Second set was done by returning artists Jeff Kaiser and Stuart Leibig. Jeff on Trumpet + Electronics and Stuart on Contrabass Guitar + Effects. It was a very interesting set and was a very natural flip side of the first set. This set had much more bite to it and an intensity of sound that just can't be rivaled. Jeff really seems to have a control over his gear and how far he can push it that is quite amazing. Stuart had such a command of what he was doing with a sea of floor pedals and effects boxes etc... that it was amazing just to watch him work his feet and occasionally hands, all over the many buttons and knobs and dials to make some really interesting foundations and even grooves for Jeff to work off of up top. It really was a night of contrasts.
I don't really listen to much electronic media and it is always a treat to hear it live and watch the musicians manipulate their equipment. I think that is something that is a little lost when listening to this kind of music on CD. And occasionally the musicianship gets covered up with the novelty of gadgets and buttons. It is a fine line, that not many are willing to tread. Kris has a really interesting approach to it that I think more people should take into consideration when venturing into the electronically manipulated sound world.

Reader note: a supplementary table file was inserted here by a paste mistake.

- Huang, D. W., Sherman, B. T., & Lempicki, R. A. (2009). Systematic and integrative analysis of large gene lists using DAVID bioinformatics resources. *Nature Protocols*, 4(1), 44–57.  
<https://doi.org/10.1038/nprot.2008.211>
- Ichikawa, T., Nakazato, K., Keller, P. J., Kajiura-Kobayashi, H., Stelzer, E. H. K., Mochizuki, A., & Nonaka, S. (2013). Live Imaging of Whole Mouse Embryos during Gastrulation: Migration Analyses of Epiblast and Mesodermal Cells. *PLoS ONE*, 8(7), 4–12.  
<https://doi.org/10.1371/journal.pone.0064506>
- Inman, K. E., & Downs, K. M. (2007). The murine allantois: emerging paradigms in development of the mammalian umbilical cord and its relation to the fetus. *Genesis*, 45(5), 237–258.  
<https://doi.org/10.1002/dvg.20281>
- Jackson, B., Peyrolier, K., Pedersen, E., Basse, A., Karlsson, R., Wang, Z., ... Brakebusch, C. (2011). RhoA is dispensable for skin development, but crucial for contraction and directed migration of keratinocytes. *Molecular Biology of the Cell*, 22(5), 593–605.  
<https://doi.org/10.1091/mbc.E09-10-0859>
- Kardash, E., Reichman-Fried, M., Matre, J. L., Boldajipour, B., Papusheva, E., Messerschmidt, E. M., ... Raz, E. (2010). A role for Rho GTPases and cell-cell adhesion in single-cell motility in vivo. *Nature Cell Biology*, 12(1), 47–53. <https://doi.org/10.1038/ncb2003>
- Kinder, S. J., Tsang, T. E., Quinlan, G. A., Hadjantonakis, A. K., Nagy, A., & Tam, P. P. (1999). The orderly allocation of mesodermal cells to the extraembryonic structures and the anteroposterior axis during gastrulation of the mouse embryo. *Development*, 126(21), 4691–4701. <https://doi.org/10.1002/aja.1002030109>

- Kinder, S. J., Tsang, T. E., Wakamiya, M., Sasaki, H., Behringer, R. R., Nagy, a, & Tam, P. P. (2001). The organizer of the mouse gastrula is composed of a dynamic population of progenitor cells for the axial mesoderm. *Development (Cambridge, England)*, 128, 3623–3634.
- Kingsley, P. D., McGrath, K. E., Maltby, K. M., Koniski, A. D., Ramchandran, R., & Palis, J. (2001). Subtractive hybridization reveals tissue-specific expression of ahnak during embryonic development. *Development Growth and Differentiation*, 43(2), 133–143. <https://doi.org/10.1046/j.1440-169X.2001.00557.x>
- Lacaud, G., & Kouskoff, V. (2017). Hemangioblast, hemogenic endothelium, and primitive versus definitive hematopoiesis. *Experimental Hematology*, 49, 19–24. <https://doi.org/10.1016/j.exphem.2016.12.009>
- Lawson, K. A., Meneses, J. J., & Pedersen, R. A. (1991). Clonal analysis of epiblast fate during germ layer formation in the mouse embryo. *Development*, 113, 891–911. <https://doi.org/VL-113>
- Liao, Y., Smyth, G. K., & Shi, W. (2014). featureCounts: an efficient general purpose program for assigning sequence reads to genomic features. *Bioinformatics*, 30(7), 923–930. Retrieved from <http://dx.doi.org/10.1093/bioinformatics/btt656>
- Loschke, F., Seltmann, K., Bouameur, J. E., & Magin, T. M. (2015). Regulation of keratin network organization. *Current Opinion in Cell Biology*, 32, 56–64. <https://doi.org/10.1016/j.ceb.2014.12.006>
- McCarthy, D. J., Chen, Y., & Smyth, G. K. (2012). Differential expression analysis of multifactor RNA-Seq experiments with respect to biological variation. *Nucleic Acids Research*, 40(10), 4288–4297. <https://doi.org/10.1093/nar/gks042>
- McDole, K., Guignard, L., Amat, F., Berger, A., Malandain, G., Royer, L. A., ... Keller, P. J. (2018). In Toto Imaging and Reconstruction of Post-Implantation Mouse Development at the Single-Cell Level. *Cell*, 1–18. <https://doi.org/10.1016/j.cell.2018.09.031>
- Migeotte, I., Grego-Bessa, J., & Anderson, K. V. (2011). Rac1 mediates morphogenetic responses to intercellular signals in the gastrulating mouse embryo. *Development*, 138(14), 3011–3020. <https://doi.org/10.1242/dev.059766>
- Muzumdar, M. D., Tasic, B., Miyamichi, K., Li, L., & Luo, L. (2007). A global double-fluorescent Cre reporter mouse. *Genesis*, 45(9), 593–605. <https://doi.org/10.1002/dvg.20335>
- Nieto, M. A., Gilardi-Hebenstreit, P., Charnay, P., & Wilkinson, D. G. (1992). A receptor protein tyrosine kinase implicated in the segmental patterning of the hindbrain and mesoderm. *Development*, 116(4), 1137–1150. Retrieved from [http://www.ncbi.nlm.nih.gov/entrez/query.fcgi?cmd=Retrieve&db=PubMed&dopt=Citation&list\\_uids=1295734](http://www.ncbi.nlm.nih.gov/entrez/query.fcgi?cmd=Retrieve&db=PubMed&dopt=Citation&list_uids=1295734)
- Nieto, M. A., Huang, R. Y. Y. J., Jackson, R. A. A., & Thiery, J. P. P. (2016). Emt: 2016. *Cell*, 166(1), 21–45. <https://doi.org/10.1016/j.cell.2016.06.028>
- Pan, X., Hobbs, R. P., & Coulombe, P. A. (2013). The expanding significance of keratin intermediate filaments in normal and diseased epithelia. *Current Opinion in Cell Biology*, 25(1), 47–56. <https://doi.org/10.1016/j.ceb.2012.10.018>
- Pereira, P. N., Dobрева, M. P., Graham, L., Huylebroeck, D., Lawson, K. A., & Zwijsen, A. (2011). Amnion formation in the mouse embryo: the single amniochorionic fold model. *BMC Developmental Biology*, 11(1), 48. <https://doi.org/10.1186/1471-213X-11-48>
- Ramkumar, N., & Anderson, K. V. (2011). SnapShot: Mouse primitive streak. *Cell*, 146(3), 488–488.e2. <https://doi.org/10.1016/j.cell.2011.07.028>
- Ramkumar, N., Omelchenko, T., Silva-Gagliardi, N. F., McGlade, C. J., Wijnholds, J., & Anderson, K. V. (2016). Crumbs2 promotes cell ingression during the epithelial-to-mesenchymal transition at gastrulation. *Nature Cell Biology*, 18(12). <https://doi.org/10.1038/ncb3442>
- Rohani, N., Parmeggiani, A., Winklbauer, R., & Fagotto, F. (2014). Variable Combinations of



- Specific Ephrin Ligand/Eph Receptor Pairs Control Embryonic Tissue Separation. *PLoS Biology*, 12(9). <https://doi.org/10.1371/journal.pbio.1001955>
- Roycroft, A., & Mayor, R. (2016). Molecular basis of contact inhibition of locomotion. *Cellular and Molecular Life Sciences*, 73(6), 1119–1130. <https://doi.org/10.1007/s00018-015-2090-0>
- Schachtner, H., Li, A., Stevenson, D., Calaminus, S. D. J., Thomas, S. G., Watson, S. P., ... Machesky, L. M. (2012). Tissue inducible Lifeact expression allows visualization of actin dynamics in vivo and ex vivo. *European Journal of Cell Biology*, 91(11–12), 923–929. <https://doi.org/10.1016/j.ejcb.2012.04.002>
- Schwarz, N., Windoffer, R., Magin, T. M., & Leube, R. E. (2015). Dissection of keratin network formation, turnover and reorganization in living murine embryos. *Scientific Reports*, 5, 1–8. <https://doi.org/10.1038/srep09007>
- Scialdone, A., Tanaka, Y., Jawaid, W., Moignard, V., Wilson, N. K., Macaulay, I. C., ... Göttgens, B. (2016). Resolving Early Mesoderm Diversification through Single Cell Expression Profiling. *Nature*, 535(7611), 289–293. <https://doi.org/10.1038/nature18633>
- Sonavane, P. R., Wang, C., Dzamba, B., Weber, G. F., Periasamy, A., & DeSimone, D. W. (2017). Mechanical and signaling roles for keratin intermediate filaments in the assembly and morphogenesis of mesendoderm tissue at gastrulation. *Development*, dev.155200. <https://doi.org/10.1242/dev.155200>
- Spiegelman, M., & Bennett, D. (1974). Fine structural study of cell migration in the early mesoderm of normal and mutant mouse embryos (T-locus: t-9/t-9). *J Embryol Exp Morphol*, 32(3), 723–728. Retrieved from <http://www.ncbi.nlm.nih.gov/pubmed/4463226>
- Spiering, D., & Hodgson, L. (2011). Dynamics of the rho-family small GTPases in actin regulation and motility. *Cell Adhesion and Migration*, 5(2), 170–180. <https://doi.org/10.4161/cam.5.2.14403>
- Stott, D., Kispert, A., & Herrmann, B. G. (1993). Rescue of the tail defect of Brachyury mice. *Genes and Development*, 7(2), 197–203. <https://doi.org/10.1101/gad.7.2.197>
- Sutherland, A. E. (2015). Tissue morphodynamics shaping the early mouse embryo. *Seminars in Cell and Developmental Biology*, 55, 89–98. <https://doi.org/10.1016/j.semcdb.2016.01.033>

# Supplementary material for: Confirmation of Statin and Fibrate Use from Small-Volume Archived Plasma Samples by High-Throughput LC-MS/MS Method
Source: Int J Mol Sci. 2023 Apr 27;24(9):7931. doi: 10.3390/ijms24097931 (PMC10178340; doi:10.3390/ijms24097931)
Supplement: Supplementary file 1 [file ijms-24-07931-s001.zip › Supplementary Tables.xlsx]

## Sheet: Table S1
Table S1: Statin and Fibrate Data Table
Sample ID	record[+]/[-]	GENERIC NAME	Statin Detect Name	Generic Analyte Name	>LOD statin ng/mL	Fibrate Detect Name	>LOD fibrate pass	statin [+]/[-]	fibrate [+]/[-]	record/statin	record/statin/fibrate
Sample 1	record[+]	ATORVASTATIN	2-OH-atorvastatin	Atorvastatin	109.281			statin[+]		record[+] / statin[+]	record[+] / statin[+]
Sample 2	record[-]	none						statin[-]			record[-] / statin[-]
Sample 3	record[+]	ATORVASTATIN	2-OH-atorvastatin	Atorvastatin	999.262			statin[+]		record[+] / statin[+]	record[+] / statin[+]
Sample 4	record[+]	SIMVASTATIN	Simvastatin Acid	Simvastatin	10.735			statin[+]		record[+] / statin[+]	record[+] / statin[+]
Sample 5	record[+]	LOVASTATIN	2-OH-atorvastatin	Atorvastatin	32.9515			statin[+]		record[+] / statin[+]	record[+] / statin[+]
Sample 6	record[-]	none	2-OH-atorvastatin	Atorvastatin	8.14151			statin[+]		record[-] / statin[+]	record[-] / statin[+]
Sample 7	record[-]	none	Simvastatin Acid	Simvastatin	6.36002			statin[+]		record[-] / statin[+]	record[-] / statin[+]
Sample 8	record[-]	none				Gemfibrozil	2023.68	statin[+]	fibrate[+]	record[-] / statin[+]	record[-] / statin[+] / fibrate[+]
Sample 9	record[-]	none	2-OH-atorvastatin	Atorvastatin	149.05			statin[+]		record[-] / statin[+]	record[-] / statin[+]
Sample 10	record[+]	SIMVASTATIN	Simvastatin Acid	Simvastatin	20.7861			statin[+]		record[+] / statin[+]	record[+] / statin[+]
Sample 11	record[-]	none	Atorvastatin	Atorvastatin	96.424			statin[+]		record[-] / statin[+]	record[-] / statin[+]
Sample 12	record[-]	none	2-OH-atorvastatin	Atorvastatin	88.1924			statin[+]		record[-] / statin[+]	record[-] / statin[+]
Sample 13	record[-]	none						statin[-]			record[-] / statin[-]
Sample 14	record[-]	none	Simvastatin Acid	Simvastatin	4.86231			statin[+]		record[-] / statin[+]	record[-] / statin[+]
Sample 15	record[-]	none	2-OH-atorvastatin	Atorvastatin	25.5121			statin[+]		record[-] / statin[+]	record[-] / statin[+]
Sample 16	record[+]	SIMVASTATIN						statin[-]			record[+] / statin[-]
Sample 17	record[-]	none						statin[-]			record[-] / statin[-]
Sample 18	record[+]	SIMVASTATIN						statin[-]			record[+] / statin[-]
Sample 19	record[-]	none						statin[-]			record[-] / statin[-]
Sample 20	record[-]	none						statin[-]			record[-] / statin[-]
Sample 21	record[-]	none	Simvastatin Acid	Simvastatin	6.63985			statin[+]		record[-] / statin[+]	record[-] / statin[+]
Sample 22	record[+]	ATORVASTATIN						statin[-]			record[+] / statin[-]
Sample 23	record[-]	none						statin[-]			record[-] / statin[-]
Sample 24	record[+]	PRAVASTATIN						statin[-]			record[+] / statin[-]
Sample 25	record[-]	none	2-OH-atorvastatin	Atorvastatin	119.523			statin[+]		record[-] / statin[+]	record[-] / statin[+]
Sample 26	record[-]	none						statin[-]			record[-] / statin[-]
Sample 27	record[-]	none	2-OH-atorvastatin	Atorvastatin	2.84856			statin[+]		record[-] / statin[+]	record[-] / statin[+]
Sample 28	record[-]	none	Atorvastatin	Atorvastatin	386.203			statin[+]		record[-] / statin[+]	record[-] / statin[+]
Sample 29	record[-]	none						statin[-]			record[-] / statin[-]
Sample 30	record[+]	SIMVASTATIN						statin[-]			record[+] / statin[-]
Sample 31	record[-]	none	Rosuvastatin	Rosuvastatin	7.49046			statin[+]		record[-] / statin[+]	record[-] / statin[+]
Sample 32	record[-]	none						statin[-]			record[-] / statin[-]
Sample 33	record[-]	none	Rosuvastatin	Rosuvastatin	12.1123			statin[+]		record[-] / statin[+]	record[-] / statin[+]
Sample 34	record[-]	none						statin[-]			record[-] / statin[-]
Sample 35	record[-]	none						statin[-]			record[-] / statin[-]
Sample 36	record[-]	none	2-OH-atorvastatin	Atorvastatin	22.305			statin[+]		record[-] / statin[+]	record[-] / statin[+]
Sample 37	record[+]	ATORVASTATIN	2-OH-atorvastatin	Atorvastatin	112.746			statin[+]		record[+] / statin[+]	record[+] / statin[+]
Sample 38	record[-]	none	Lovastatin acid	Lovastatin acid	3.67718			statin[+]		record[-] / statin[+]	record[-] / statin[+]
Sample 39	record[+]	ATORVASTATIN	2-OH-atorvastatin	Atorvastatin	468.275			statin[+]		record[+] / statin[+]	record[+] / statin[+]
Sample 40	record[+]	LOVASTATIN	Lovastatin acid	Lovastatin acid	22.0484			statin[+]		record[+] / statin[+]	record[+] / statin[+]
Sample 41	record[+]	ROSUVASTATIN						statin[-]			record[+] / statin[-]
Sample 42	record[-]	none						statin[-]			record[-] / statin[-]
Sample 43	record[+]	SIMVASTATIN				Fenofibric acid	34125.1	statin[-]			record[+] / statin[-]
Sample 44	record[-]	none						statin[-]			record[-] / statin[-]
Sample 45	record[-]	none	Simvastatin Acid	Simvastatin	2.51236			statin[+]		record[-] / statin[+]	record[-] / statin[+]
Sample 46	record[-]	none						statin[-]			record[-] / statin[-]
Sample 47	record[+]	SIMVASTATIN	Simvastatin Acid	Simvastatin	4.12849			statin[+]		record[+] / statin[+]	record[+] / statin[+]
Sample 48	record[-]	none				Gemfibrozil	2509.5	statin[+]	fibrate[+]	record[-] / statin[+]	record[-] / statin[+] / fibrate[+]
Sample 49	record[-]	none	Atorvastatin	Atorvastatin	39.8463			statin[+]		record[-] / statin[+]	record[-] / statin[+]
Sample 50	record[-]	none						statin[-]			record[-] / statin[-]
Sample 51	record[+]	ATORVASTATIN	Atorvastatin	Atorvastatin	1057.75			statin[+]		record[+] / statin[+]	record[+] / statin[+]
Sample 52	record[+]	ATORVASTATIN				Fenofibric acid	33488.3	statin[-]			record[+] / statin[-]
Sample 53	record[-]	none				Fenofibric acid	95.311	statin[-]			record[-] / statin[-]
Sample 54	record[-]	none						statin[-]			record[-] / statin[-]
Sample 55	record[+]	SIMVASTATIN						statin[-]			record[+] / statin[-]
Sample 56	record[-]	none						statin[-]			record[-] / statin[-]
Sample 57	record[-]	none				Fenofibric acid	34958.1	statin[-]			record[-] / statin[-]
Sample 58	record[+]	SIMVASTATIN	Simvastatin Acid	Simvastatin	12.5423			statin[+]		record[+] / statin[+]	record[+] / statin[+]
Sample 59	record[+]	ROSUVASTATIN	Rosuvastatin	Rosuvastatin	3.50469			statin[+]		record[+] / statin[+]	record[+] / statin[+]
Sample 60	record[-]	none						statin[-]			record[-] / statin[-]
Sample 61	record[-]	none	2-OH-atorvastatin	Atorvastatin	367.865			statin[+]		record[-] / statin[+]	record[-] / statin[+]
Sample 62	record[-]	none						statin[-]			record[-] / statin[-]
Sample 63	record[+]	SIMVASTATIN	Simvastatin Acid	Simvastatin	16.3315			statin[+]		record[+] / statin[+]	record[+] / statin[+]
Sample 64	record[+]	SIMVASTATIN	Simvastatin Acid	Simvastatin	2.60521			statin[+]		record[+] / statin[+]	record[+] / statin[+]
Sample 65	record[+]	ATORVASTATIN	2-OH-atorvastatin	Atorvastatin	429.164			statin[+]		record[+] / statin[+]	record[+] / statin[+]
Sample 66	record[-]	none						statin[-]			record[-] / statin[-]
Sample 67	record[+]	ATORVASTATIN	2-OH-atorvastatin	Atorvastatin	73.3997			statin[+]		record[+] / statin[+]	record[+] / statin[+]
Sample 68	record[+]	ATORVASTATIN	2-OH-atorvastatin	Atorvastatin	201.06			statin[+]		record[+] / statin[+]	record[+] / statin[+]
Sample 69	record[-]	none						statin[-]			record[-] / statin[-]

Keep bringing in those artists Kris! Thanks!
Friday, July 3, 2009
My father found this album a while ago and has lent it to me for my enjoyment. It is really an amazing project that has been a long time in the making and I must say, it creates a fantastic experience.
The Playing For Change project has two identities. Number one they have set out to unite the world through music, this album being the first culmination of that idea. They have spent four years traveling the world recording musicians from everywhere, and I do mean everywhere. So even though most of the musicians on any given track have never met, they are now part of the same ideas. Featuring songs by Bob Marley, Peter Gabriel, Bob Dylan, Sam Cooke and many others, including some originals for this album. It is a really interesting product and I recommend highly.